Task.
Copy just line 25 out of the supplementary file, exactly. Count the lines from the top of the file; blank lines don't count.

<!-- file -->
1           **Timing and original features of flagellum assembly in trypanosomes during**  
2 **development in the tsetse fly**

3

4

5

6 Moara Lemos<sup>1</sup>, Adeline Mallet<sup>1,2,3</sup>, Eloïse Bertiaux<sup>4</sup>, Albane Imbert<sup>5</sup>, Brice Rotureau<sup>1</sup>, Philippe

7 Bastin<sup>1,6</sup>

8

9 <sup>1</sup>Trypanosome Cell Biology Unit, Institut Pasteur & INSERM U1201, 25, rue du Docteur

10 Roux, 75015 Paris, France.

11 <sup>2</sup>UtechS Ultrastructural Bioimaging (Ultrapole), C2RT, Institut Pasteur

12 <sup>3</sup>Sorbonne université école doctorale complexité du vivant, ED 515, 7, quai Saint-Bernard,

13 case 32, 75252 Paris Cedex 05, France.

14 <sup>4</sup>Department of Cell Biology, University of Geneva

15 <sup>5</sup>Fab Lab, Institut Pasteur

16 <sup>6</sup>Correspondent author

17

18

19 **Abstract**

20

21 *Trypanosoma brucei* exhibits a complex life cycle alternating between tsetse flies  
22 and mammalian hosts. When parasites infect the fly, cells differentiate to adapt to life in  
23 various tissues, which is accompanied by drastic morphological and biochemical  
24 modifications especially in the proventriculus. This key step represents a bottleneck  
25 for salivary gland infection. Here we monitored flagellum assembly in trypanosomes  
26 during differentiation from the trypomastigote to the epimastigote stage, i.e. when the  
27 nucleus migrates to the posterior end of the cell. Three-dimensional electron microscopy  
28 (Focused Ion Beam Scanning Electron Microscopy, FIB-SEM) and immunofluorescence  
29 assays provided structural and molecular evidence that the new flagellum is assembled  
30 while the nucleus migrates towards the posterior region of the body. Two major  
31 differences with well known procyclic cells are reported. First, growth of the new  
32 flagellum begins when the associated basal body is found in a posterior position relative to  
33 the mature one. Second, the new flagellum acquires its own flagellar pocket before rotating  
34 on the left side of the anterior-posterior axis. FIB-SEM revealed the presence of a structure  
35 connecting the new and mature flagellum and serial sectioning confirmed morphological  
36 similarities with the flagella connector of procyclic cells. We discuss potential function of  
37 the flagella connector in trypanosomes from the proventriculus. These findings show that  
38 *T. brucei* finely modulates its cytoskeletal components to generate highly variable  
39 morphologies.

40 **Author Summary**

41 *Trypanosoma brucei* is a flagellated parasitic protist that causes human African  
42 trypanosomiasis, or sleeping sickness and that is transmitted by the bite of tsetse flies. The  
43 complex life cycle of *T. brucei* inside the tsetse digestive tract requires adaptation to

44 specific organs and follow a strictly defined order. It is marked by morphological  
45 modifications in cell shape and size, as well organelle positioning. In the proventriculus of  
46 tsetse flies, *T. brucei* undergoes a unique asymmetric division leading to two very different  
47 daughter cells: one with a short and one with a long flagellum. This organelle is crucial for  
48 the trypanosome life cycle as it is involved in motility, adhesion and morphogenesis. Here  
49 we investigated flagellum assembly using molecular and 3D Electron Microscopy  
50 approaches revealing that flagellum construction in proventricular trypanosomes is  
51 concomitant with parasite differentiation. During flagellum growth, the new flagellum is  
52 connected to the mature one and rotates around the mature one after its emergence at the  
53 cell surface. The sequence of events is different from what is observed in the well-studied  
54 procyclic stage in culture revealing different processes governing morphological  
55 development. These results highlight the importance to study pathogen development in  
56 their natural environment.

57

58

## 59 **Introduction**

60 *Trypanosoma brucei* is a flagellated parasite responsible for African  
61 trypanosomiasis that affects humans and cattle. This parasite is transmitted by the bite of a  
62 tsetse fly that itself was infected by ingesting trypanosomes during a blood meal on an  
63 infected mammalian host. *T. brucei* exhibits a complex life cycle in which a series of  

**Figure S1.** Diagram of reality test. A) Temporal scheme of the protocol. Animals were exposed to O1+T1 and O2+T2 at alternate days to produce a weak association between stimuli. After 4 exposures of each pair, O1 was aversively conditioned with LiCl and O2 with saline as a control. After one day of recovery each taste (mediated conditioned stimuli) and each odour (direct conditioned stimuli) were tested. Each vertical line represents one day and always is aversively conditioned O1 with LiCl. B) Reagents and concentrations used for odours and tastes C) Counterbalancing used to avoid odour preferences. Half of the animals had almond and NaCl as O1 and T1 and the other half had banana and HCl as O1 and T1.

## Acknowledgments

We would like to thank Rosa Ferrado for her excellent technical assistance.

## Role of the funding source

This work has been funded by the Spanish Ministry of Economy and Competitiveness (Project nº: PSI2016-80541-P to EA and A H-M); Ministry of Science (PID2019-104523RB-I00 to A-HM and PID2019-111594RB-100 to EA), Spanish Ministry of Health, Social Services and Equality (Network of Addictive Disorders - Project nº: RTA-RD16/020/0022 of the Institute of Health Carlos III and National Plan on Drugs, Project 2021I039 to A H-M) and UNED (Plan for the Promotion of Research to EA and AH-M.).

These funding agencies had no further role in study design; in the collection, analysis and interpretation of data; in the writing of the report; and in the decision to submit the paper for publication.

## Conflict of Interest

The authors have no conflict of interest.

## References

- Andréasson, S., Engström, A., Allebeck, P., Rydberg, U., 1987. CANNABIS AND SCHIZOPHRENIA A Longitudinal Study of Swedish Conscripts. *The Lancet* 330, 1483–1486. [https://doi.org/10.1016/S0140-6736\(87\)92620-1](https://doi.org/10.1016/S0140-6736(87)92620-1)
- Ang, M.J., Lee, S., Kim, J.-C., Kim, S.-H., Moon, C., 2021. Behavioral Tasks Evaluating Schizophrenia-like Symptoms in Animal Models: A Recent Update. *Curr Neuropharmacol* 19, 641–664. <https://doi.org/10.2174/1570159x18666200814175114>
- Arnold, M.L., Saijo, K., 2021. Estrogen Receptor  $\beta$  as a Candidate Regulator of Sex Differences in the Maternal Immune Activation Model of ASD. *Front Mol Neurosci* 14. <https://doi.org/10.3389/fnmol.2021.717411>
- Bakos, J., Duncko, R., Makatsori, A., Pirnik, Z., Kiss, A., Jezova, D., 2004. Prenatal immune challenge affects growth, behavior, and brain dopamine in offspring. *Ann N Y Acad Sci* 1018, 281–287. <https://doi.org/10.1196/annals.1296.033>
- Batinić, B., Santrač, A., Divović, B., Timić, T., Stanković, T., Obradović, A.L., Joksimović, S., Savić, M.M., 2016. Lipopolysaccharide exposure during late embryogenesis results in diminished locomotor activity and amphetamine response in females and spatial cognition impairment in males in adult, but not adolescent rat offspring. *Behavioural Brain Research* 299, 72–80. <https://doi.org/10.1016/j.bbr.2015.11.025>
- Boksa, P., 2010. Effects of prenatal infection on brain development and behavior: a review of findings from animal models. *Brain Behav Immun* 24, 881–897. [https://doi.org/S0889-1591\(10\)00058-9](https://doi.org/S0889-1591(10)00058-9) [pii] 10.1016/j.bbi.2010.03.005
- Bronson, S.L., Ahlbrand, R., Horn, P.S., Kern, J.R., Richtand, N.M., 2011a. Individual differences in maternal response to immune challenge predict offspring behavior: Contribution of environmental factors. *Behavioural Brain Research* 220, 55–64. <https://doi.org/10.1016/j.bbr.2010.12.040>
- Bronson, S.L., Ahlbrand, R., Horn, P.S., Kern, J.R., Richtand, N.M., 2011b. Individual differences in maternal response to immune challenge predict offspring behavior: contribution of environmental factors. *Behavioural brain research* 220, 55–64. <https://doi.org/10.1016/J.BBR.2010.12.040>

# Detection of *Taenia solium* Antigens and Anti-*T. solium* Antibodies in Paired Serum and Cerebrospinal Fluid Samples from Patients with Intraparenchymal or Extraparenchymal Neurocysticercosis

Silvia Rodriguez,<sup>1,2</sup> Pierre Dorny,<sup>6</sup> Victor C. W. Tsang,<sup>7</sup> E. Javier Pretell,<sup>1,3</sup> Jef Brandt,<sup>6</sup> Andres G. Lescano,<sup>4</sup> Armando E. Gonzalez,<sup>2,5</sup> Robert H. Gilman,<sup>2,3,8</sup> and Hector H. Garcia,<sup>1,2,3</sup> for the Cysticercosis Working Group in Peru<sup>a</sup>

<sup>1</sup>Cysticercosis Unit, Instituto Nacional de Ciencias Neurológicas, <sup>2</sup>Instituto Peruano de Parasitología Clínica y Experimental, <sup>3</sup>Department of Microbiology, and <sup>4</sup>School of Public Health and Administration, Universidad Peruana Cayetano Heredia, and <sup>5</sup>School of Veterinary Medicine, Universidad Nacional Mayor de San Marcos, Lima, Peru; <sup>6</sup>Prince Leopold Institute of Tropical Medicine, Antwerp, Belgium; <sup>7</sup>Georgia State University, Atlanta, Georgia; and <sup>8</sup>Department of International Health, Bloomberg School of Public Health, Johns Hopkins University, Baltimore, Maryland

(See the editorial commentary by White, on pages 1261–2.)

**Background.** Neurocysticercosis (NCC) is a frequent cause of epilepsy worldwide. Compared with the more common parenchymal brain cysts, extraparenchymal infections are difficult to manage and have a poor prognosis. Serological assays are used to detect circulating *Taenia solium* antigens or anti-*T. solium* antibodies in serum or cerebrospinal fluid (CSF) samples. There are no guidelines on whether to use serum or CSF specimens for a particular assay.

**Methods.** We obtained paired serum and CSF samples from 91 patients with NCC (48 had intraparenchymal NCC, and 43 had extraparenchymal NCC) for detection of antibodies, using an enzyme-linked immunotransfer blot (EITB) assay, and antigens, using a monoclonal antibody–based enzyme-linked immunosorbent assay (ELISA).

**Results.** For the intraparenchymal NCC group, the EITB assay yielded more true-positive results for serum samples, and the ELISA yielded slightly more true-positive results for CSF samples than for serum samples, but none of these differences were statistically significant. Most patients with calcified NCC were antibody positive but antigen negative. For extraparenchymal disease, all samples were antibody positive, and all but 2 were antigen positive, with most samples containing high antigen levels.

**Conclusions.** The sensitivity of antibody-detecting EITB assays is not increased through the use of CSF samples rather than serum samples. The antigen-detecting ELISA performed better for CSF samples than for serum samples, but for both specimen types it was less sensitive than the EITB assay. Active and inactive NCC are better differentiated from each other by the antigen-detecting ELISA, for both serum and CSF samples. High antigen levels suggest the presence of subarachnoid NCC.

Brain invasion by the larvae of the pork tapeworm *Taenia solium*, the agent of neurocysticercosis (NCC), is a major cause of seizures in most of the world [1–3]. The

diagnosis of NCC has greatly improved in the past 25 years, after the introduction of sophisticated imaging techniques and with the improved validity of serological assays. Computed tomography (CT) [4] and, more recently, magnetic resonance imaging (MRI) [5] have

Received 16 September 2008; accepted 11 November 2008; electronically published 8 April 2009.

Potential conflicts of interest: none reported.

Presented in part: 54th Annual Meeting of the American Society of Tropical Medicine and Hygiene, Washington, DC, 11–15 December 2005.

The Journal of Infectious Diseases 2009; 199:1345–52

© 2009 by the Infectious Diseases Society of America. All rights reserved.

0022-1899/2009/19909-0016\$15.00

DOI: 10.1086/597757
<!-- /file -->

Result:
25 for salivary gland infection. Here we monitored flagellum assembly in trypanosomes  